I can’t use the new iphones. I can’t use a lot of Android phones. I can’t use my computer monitors at all anymore and I have to give away a lot of the light bulbs we buy and find out will trigger me. I worry this will be the next thing that marginalizes a lot of people, especially women, in the workplace, since women are generally more prone to migraines. I didn’t have many problems unless I was on the birth control pill and then when I went through menopause.

    Most people have never heard of pulse width modulation and aren’t aware their technology may be triggering their migraines. I found out through a friend who is a fellow migraine sufferer and gave up her smart phone for a flip phone because of it. I definitely noticed an uptick in my migraines when we migrated from incandescent lighting to fluorescent and led bulbs.

    • Bread and Circuses says:

      Oh, that’s really interesting!

      To give a more tech-y explanation, with digital devices, if you want to lower the brightness of the screen, it makes more sense to turn the display off and on so fast that the human eye can’t detect it, rather than to bleed energy away by some other means. It helps the battery last longer.

      So for example, you might turn the screen on for 100 milliseconds and off for 50 milliseconds, and then repeat that blinking pattern indefinitely to reduce the apparent brightness of the screen by 1/3. The human eye won’t see the blinking; it will only see that the screen appears dimmer.

      The “on” period of this on-off cycle is the pulse, and the “width” of the pulse is how long it is on for (compared to the entire length of the on-off cycle). Hence this technique is called “pulse width modulation”.

      What’s neat to me is we know that some people have epilepsy that can be triggered by flashing lights such as strobe lights. Now it turns out some people have migraines that are triggered by lights flashing at a much faster rate.

  11. MerlinsMom1018 says:

    I never ever had a migraine until I had my two mini strokes. That first migraine??? I honestly thought I was having the “big” stroke and wound up in ER where the Doc told me what was happening. I have been very fortunate to only have had 2 more since then and I know when one is coming so I do everything I can to either head it off or minimize the fall out.
    I have nothing but love and sympathy for those of you who are chronic. I can’t imagine the struggle just to function.

    • Noodle says:

      That’s so scary, @merlinsmom1018. Sometimes my migraines are hemiplegic, where half my body will go limp and it’s stroke-like. I go to the ER each time because I’m so freaked out, and they’re like, “No, just migraine.” The hemiplegia seems to come at the end of a multi-day intractable migraine, so the ER is the place where I’d end up anyways, since all my meds aren’t working. I can imagine though, that after two mini-strokes, a migraine would be terrifying. I hope you’re doing better now!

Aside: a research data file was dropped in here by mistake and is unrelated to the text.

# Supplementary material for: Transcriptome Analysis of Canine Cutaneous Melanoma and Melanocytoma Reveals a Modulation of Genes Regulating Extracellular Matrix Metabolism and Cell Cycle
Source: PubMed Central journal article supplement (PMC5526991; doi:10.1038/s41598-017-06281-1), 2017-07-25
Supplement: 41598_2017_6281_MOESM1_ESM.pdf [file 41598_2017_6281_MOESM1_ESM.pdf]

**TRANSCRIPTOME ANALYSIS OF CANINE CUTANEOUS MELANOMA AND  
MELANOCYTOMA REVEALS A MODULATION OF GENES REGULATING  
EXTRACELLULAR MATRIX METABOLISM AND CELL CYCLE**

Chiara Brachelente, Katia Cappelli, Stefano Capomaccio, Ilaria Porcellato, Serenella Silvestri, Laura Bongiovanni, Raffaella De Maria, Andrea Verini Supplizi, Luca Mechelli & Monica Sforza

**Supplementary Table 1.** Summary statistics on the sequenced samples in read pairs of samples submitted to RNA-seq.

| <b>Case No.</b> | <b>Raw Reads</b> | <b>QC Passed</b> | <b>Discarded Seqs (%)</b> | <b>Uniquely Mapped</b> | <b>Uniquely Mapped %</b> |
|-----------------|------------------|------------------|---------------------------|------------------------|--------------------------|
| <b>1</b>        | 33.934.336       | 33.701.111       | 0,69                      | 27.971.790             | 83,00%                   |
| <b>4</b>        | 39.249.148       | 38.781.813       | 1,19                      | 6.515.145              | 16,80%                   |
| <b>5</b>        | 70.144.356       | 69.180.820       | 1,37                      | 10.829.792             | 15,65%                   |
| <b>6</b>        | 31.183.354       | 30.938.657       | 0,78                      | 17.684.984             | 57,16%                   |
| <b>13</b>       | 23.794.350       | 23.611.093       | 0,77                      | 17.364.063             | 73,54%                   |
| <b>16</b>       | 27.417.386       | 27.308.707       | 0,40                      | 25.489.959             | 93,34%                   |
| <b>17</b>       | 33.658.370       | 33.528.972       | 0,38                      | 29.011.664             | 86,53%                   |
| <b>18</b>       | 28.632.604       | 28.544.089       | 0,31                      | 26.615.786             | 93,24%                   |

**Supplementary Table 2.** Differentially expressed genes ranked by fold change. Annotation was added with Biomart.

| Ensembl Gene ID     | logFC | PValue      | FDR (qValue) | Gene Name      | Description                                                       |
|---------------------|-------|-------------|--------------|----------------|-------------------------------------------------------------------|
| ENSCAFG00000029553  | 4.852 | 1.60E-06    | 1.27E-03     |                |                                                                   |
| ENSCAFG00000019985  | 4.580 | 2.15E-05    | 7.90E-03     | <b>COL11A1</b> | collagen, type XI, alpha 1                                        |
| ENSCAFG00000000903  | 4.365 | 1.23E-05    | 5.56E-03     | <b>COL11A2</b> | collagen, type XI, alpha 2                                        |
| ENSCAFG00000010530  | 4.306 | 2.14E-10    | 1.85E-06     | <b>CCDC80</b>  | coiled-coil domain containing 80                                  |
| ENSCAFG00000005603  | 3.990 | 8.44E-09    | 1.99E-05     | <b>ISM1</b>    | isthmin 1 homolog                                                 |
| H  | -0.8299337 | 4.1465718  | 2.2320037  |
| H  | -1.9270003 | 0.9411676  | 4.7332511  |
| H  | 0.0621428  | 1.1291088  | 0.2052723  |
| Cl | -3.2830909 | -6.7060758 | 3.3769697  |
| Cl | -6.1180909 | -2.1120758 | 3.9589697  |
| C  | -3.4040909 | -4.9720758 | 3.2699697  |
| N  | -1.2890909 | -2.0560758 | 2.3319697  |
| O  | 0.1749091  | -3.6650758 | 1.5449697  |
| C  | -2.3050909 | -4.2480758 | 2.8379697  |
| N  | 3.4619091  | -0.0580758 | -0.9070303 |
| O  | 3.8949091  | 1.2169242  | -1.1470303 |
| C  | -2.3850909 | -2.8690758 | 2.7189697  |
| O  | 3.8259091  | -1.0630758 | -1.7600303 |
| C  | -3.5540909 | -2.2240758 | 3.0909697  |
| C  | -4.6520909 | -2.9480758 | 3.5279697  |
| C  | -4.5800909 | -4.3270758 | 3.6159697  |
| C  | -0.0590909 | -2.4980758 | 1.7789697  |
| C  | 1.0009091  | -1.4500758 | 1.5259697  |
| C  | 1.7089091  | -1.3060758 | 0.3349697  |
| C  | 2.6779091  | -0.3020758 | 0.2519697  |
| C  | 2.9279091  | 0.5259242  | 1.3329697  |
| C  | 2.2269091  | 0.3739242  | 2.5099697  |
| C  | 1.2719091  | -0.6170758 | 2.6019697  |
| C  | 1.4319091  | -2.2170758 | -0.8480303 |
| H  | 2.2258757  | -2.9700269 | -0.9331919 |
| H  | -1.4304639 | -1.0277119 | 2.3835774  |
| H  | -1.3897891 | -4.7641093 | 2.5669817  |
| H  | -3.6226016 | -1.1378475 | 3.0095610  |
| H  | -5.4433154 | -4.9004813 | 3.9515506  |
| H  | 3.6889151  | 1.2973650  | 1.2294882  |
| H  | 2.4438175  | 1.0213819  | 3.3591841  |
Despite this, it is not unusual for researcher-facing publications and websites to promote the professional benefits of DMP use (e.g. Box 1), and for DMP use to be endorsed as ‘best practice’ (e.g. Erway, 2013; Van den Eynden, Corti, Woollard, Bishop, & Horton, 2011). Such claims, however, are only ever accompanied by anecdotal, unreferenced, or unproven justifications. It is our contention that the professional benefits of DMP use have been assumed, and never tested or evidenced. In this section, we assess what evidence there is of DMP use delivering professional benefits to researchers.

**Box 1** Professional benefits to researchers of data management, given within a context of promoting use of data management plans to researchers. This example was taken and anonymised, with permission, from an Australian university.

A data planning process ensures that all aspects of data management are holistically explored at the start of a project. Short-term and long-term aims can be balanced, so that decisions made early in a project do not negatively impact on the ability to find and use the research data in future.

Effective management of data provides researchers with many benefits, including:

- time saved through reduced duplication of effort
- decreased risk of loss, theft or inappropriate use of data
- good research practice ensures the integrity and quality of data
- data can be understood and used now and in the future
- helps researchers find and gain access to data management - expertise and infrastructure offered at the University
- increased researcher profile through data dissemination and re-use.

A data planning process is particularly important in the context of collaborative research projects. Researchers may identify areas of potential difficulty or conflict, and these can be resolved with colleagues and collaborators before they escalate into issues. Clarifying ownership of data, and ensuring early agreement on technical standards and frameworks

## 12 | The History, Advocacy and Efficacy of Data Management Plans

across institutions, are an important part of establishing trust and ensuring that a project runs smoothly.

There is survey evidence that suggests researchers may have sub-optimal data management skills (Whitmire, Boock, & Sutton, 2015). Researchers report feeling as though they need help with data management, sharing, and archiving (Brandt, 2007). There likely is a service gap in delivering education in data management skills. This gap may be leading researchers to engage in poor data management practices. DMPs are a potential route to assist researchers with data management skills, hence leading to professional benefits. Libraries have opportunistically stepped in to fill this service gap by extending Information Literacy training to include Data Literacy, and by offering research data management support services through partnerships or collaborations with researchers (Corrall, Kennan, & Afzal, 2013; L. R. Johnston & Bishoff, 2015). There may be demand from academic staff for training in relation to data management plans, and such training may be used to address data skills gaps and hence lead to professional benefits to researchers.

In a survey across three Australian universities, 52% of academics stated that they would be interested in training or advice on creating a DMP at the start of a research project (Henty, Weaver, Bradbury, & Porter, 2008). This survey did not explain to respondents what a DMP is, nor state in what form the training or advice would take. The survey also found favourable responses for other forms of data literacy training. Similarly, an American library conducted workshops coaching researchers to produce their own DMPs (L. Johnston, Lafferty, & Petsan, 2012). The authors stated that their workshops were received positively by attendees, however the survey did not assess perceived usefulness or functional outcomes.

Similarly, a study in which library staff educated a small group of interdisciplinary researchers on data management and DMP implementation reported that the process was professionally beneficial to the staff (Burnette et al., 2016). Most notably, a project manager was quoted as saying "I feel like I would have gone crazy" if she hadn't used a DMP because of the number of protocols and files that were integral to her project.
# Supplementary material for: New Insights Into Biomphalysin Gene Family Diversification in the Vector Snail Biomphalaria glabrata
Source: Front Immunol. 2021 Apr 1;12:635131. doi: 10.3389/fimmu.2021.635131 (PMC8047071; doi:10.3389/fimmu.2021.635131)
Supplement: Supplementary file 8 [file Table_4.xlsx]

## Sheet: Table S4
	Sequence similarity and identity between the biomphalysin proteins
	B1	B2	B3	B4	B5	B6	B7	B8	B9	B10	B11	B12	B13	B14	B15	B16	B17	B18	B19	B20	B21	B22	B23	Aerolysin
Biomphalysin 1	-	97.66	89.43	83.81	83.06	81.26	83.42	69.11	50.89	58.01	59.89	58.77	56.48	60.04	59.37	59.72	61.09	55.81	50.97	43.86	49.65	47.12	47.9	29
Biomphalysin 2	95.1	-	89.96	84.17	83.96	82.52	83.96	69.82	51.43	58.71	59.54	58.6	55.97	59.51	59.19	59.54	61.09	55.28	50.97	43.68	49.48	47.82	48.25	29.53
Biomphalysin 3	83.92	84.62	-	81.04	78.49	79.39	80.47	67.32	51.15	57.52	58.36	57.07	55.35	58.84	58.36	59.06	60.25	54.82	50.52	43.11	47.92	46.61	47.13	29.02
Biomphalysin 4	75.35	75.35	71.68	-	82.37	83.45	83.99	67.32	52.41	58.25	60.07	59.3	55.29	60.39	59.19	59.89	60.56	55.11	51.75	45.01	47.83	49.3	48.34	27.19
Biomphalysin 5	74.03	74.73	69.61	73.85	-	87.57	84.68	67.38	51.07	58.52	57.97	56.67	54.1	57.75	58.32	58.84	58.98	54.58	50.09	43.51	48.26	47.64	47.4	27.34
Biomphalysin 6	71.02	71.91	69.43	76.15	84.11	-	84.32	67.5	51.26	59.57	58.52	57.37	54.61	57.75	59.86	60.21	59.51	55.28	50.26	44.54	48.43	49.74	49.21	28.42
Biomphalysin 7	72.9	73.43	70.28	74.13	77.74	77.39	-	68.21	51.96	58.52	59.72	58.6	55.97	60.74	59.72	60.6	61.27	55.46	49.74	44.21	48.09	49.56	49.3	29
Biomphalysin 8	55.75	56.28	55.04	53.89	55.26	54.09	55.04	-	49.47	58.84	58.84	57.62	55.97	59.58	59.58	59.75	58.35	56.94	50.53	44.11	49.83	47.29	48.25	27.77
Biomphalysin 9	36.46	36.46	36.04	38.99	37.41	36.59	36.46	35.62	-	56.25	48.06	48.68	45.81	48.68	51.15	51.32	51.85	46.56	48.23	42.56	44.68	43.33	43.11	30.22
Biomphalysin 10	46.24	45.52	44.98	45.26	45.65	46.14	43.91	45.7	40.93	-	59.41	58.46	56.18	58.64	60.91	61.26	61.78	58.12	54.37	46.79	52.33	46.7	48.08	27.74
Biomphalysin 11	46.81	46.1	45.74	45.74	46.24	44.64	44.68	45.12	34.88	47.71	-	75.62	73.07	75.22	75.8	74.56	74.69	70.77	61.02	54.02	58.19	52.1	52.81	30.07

• MerlinsMom1018 says:

        @Noodle I just don’t know what to say other than I know exactly how you feel on the limpness and stroke like symptoms. Ugh. I don’t wish that for you or anybody. I am actually doing well, no strokes or symptoms since 2014 so I count my blessings, but now I have been diagnosed with allergy induced asthma🙄 so just add the inhaler to the mix. I tell you my 60’s are taking me on a journey…
        You have my deepest prayers Noodle, I wish you nothing but healing and good days going forward.

  12. ChloeCat says:

    I’ve had migraines since I was 8, I’m over 50 now. I believe mine are triggered by hormones & changes in barometric pressure. A lot of the new migraine medications are extremely cost prohibitive & not accessible to a lot of people. I get regular Botox injections; they worked for the first nine months but now that I’ve entered menopause seem to be not working as well as they had. I would give anything to be rid of these headaches; I feel like my head is in a vise for half of the month.

  13. ClaireB says:

    I found that Vitamin B2 and magnesium glycinate supplements helped of all the supplements and over-the-counter meds I tried. I also started stretching everyday, especially my neck and upper back and that has helped a great deal. My chronic migraine improved after I got treatment for the PTSD that was causing depression and anxiety, so there can be lots of triggers that affect each person. I still can’t get through weather changes without a migraine, but they’re less painful now and I don’t have one every day anymore, which is a huge relief. I also noticed that if I don’t eat enough, skip snacks, or delay meals, I’m more likely to get a migraine.

    Best wishes to anyone struggling with migraines. Definitely give each of the suggestions in the article a try, because you never know what might help you.

  14. Alice says:

    I’ve suffered migraines since I was a teenager, the aura, the explosion in my brain, ugh. Recently I’ve started acupuncture and holy bananas folks, it has worked wonders. That and craniosacral therapy are really great for helping, if your health insurance covers them or you can afford it. Wishing you all good luck, because migraines SUCK!!!

  15. Keira says:

    I have cut out virtually all gluten and alcohol, improved self-care and hardly ever have a tension headache; used to get them all the time. Lots of good recs here for migraines and other types of headaches. https://www.marksdailyapple.com/3-common-types-of-headache-and-how-to-treat-them-naturally/